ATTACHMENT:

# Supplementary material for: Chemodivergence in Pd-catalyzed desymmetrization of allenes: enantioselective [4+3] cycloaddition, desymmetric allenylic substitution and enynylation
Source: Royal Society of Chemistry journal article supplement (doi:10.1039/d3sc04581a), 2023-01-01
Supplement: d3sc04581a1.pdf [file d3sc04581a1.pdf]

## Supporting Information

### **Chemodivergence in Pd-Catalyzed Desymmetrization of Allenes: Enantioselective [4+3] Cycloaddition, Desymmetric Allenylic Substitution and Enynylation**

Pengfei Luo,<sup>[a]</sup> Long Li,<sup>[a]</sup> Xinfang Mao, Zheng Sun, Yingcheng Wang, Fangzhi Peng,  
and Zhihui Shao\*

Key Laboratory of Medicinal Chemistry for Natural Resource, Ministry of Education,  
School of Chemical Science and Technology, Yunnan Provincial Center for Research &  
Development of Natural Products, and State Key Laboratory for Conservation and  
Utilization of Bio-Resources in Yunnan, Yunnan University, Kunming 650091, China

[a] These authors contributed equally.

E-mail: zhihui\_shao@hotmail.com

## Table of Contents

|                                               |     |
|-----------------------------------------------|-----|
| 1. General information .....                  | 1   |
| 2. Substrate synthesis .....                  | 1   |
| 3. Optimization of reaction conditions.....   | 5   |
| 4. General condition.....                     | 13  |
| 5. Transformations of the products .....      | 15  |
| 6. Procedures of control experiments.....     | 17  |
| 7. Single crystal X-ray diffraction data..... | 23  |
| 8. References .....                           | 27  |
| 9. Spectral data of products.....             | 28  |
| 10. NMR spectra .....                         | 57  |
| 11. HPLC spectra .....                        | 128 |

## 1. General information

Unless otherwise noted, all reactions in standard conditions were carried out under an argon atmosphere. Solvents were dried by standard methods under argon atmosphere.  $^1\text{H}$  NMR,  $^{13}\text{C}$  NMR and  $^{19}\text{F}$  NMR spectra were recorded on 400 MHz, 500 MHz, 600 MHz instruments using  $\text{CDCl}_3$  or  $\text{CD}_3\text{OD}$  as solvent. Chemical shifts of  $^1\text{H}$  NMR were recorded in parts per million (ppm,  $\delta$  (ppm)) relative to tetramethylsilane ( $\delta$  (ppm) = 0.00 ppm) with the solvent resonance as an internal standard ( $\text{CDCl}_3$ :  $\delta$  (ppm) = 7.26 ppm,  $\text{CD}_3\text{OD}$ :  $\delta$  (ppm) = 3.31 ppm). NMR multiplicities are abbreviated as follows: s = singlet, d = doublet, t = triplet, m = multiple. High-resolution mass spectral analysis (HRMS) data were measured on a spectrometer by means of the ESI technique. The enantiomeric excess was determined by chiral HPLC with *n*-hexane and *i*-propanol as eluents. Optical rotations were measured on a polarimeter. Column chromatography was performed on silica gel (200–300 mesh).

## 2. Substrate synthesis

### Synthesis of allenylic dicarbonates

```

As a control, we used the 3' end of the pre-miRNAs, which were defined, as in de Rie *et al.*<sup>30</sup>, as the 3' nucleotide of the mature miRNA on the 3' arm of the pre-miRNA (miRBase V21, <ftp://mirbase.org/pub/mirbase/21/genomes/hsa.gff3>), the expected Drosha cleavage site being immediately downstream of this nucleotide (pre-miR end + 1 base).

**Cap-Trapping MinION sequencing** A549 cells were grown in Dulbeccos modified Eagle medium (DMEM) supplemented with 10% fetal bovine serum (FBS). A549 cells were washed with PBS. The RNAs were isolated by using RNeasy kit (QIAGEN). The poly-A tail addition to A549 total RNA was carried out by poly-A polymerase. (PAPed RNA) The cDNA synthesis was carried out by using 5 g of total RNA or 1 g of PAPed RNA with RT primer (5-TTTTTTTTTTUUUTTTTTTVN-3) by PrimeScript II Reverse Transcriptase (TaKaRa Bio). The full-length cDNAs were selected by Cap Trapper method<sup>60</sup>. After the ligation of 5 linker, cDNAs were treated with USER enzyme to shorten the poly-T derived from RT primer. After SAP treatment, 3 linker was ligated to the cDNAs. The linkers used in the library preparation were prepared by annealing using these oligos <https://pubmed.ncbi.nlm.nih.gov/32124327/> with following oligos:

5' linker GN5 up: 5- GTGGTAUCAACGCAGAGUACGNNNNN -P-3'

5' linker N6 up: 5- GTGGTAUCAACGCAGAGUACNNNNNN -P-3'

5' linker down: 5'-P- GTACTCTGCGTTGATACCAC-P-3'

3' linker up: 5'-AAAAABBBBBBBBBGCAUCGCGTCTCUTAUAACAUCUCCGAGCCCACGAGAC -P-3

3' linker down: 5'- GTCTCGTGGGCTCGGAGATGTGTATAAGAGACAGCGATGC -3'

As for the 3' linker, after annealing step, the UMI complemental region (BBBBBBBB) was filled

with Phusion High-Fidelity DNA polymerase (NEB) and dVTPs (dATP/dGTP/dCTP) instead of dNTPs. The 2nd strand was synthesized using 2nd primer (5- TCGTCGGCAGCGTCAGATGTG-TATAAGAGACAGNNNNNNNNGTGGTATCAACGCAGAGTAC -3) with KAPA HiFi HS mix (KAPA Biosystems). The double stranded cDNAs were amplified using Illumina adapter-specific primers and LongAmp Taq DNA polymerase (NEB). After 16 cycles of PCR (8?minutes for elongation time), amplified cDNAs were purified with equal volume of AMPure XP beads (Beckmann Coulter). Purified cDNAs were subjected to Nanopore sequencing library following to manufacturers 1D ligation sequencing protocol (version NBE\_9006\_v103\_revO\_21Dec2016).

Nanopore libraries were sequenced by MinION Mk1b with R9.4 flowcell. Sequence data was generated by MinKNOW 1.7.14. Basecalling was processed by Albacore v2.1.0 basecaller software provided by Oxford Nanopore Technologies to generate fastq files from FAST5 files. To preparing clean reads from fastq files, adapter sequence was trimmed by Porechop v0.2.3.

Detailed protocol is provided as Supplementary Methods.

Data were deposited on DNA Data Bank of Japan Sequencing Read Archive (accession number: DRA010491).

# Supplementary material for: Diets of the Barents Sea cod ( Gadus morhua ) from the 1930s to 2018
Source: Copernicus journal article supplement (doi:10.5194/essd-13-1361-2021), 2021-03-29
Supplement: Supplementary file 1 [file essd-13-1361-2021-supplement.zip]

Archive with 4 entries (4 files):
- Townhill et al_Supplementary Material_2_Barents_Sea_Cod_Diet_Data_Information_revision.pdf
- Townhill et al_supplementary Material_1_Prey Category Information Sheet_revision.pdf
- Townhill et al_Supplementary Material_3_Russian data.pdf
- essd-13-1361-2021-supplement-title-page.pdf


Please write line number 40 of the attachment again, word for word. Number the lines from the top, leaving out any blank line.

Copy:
As for the 3' linker, after annealing step, the UMI complemental region (BBBBBBBB) was filled